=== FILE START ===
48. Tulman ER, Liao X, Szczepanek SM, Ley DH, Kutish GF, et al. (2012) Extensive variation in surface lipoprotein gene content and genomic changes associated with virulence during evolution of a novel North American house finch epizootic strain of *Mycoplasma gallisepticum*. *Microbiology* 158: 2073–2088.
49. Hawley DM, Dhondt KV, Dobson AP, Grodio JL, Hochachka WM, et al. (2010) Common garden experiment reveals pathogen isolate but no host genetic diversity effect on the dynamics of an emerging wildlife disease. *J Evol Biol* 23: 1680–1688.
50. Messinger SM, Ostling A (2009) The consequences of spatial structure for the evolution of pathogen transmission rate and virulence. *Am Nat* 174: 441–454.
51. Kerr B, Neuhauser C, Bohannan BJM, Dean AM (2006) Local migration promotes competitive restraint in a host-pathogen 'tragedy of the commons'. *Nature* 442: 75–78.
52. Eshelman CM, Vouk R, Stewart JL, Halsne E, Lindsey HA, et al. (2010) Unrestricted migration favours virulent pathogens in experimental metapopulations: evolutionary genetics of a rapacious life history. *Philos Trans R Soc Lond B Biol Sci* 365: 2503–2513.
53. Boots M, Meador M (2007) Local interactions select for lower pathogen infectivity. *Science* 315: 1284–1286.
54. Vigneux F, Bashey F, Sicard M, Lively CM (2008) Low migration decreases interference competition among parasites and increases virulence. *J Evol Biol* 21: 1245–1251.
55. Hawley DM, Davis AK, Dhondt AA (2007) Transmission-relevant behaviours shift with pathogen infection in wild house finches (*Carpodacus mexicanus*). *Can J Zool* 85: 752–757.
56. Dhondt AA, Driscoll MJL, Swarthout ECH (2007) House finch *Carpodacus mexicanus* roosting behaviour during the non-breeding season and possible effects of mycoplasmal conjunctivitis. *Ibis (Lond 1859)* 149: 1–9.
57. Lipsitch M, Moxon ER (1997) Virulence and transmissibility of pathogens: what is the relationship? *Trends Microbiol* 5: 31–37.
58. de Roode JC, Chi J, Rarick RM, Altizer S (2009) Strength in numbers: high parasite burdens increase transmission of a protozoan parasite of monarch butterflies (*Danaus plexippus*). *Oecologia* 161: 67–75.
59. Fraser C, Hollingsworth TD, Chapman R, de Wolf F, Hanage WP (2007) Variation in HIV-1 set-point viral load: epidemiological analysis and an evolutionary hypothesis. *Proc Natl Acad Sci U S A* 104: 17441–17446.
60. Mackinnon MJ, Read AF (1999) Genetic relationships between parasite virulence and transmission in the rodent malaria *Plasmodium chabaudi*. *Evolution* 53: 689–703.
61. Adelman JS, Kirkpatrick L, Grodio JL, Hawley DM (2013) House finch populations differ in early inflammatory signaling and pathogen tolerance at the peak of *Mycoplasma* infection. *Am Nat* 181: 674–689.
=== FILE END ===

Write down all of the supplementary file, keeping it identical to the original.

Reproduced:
48. Tulman ER, Liao X, Szczepanek SM, Ley DH, Kutish GF, et al. (2012) Extensive variation in surface lipoprotein gene content and genomic changes associated with virulence during evolution of a novel North American house finch epizootic strain of *Mycoplasma gallisepticum*. *Microbiology* 158: 2073–2088.
49. Hawley DM, Dhondt KV, Dobson AP, Grodio JL, Hochachka WM, et al. (2010) Common garden experiment reveals pathogen isolate but no host genetic diversity effect on the dynamics of an emerging wildlife disease. *J Evol Biol* 23: 1680–1688.
50. Messinger SM, Ostling A (2009) The consequences of spatial structure for the evolution of pathogen transmission rate and virulence. *Am Nat* 174: 441–454.
51. Kerr B, Neuhauser C, Bohannan BJM, Dean AM (2006) Local migration promotes competitive restraint in a host-pathogen 'tragedy of the commons'. *Nature* 442: 75–78.
52. Eshelman CM, Vouk R, Stewart JL, Halsne E, Lindsey HA, et al. (2010) Unrestricted migration favours virulent pathogens in experimental metapopulations: evolutionary genetics of a rapacious life history. *Philos Trans R Soc Lond B Biol Sci* 365: 2503–2513.
53. Boots M, Meador M (2007) Local interactions select for lower pathogen infectivity. *Science* 315: 1284–1286.
54. Vigneux F, Bashey F, Sicard M, Lively CM (2008) Low migration decreases interference competition among parasites and increases virulence. *J Evol Biol* 21: 1245–1251.
55. Hawley DM, Davis AK, Dhondt AA (2007) Transmission-relevant behaviours shift with pathogen infection in wild house finches (*Carpodacus mexicanus*). *Can J Zool* 85: 752–757.
56. Dhondt AA, Driscoll MJL, Swarthout ECH (2007) House finch *Carpodacus mexicanus* roosting behaviour during the non-breeding season and possible effects of mycoplasmal conjunctivitis. *Ibis (Lond 1859)* 149: 1–9.
57. Lipsitch M, Moxon ER (1997) Virulence and transmissibility of pathogens: what is the relationship? *Trends Microbiol* 5: 31–37.
58. de Roode JC, Chi J, Rarick RM, Altizer S (2009) Strength in numbers: high parasite burdens increase transmission of a protozoan parasite of monarch butterflies (*Danaus plexippus*). *Oecologia* 161: 67–75.
59. Fraser C, Hollingsworth TD, Chapman R, de Wolf F, Hanage WP (2007) Variation in HIV-1 set-point viral load: epidemiological analysis and an evolutionary hypothesis. *Proc Natl Acad Sci U S A* 104: 17441–17446.
60. Mackinnon MJ, Read AF (1999) Genetic relationships between parasite virulence and transmission in the rodent malaria *Plasmodium chabaudi*. *Evolution* 53: 689–703.
61. Adelman JS, Kirkpatrick L, Grodio JL, Hawley DM (2013) House finch populations differ in early inflammatory signaling and pathogen tolerance at the peak of *Mycoplasma* infection. *Am Nat* 181: 674–689.